Sunday, February 17, 2013

A Brief Tour of Taal Town in Batangas

Last month one Sunday afternoon, I decided to take my family on a roadtrip in the historic town of Taal, Batangas. I have always wanted to see their basilica and their balisong shops.

We took the Tagaytay-Lemery route, passing the castle structure of the deteriorated Fantasy Land below. We took a short break along this zigzag road for some photo ops.

It was already past 4:00 pm when we finally arrived at the town proper of Taal. So we were not able to enter the Marcela Agoncillo Museum. :(

But we were able to enter their courtyard at the right side, where we took some photos of the Marcela Agoncillo's monument, while she's carrying the first flag of the country that she had sewn while in exile in Hong Kong.

Marcela Agoncillo is the wife of Felipe Agoncillo, our first diplomat who represented our country on the signing of Treaty of Paris, after the Spanish-Filipino war. She sold her jewelries to finance her husband's expenses for that trip.

We parked the vehicle at the back of this museum, along the bank of Pansipit River, the outlet of Taal Lake that goes out to Balayan Sea.

The caretaker of the museum helped us gain access to the Leon Apacible Museum, just a few meters uphill from our first site. 

Leon Apacible is a friend of Jose Rizal, perhaps one of the illustrados. He is a lawyer, judge, and had served as right hand of Gen. Miguel Malvar during the revolution. Later, he served as representative of Lepanto in Malolos Congress, before his death in 1901.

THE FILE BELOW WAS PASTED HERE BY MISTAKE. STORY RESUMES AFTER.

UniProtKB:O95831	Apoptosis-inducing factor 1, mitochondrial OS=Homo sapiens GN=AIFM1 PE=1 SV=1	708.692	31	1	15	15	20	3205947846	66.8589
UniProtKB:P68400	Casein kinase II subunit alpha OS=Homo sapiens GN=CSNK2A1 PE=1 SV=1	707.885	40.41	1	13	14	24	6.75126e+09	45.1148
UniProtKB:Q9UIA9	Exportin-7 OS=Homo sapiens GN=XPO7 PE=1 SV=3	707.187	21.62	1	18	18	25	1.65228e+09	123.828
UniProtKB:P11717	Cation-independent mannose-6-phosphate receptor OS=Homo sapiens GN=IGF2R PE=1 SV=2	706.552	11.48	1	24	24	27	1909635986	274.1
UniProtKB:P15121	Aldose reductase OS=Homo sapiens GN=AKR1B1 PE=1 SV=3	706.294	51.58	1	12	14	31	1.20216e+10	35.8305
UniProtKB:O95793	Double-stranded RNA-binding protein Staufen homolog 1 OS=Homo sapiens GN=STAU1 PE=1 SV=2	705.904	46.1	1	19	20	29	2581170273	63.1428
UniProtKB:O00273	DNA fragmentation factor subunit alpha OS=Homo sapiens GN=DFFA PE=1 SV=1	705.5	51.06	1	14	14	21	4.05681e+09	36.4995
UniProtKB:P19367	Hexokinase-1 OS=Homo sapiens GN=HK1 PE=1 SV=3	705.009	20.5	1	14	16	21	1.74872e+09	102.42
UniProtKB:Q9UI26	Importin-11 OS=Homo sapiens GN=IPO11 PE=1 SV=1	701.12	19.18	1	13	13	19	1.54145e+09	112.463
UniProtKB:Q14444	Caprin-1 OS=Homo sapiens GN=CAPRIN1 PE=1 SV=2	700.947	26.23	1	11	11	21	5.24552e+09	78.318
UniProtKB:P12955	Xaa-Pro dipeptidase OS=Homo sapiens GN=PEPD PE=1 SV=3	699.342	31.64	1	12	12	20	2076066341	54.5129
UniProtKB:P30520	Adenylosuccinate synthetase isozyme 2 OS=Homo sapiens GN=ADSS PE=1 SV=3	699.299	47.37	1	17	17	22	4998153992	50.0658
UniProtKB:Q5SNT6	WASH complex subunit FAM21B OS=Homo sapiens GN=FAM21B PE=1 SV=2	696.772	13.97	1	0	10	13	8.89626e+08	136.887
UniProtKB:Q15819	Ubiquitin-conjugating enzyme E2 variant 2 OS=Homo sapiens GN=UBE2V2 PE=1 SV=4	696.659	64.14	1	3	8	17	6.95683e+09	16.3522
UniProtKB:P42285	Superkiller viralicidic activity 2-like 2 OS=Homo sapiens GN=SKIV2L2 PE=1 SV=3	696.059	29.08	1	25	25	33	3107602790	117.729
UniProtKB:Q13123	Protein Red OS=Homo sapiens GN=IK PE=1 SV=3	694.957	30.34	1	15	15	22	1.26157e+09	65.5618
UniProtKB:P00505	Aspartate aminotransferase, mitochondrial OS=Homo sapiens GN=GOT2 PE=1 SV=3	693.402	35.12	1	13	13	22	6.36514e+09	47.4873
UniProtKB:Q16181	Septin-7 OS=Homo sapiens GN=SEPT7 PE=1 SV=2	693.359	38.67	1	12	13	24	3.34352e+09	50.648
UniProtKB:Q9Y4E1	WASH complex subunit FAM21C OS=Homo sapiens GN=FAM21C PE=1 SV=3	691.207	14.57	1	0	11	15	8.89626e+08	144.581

The house has been a meeting place of Jose Rizal, Mariano Ponce, and other heroes. Its good that his descendants and the municipal government preserved their home well, so that visitors can appreciate more our history.

The furniture are really great, made from finest materials during their era, and functional despite the absence of advanced technology. We just gave Php 100 donation, plus tips to the 2 museum caretakers, for allowing us to enter the museum though they were already closed.

Early clothings, kitchen utensils, a cold storage box, and even a vault are some of the items on display as well. 

Last site we visited is the Taal Basilica, the biggest basilica in Asia. First constructed in 1575, it was destroyed by Taal Volcano's eruption in 1754, reconstructed a year after, before being destroyed by earthquake last 1849. The present church was reconstructed in 1856.

This is one site that should not be missed by visitors. Its just so grand, and there are plenty of good photo opportunities.

An old large bell made in 1840s is on display near the parking area, fronting the church.

We should have tried a local eatery and visited some balisong (fan knife) stores, but there was a power blackout as we left the basilica. Anyway, there is still next time to do what we failed to see and try on this beautiful and historical town of Batangas. 

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